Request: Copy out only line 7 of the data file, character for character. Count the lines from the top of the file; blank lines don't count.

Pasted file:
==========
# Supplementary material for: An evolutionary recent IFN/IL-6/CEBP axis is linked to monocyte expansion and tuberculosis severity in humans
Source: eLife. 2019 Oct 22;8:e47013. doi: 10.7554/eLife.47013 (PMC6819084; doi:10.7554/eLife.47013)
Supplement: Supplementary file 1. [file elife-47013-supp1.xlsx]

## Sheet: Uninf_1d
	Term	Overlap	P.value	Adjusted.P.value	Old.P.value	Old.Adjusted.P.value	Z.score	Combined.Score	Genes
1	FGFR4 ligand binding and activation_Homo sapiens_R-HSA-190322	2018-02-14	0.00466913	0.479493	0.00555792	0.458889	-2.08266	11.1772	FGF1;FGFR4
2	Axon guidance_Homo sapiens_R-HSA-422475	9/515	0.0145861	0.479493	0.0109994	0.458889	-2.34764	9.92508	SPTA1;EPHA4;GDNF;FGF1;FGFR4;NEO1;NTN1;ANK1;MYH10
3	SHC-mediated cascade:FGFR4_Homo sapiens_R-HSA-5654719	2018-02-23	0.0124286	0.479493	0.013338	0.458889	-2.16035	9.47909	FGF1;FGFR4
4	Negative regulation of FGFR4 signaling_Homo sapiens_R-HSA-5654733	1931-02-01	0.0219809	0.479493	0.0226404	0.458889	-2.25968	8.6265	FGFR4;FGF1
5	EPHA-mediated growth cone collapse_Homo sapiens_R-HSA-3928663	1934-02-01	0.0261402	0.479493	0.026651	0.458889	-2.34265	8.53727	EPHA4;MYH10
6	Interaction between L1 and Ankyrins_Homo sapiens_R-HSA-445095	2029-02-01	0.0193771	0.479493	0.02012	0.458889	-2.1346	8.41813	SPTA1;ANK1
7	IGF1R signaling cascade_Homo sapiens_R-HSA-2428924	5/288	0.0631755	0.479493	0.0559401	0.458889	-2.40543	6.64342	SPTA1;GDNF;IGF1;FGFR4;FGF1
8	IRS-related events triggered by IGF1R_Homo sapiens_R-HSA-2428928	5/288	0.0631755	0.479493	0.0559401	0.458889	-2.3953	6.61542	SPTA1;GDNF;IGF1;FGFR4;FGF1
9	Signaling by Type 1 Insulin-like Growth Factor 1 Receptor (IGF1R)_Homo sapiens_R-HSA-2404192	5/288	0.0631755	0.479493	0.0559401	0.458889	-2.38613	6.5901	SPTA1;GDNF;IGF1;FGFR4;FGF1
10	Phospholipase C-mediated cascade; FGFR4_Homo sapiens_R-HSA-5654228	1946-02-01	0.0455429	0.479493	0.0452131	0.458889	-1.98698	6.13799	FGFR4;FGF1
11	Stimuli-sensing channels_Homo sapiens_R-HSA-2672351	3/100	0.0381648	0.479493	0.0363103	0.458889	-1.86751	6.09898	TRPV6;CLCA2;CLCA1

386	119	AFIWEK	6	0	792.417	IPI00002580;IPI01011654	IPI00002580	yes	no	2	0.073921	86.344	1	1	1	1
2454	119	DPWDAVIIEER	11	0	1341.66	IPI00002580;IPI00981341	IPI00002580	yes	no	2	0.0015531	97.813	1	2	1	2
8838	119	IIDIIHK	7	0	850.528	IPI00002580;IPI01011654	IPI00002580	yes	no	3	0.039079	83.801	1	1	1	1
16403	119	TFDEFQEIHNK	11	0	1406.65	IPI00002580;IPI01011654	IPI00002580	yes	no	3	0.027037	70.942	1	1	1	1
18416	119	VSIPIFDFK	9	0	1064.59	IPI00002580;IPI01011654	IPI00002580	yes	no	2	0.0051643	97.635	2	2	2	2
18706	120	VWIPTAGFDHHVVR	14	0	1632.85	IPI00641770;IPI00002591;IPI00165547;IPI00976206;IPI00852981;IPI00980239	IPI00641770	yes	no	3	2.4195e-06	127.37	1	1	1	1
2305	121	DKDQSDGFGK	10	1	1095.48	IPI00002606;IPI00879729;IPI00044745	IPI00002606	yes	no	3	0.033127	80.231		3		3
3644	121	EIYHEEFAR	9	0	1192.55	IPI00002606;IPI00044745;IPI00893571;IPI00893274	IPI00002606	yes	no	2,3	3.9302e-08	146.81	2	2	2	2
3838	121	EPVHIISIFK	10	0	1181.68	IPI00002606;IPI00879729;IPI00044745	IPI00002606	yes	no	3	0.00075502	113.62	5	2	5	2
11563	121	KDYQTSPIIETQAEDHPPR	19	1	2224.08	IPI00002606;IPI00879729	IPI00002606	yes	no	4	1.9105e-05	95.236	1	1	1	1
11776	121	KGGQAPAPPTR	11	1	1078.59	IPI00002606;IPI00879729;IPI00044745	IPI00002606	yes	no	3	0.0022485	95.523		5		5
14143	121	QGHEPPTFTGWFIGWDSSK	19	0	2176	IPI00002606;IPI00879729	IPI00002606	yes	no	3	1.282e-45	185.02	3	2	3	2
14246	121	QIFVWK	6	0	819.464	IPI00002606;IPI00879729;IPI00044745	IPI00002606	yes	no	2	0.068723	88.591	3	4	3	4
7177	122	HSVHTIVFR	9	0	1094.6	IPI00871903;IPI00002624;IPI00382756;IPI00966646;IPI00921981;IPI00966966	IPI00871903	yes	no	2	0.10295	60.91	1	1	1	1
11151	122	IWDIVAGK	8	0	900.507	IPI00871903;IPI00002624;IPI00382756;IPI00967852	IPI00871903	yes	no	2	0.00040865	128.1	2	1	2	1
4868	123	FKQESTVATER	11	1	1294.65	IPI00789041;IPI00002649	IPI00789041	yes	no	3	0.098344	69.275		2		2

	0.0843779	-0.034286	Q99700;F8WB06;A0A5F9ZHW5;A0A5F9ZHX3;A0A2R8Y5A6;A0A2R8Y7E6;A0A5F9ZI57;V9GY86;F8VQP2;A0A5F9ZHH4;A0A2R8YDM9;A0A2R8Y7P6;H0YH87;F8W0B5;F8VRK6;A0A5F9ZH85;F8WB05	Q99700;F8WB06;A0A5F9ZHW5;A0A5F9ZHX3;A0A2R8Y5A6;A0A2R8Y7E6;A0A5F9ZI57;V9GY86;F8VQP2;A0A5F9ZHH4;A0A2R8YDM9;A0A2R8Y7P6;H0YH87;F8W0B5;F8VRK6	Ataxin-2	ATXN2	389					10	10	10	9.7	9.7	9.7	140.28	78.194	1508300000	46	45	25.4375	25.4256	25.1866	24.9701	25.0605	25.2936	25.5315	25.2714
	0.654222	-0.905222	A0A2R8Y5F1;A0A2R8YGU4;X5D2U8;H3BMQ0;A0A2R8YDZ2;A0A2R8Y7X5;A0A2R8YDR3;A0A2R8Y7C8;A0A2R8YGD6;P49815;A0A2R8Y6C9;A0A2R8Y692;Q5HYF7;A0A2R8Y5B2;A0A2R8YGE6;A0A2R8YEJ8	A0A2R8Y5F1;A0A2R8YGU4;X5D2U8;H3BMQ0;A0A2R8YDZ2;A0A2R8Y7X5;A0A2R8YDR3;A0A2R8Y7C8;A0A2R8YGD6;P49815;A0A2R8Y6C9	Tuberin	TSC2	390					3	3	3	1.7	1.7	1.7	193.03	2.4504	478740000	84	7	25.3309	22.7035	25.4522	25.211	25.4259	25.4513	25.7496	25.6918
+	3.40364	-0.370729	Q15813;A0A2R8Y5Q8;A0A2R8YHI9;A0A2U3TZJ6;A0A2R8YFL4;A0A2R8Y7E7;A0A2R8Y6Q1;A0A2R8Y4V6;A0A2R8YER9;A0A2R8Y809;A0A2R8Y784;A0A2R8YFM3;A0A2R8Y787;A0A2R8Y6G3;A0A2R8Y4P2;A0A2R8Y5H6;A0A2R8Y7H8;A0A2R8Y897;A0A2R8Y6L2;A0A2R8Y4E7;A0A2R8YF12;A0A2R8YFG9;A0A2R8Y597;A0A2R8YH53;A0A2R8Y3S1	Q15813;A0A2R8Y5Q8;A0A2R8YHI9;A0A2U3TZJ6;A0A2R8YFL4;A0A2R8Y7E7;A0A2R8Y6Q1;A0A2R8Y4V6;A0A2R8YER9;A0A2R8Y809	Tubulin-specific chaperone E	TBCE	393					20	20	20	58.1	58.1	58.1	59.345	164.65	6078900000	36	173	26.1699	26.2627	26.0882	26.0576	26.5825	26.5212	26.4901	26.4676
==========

2	Axon guidance_Homo sapiens_R-HSA-422475	9/515	0.0145861	0.479493	0.0109994	0.458889	-2.34764	9.92508	SPTA1;EPHA4;GDNF;FGF1;FGFR4;NEO1;NTN1;ANK1;MYH10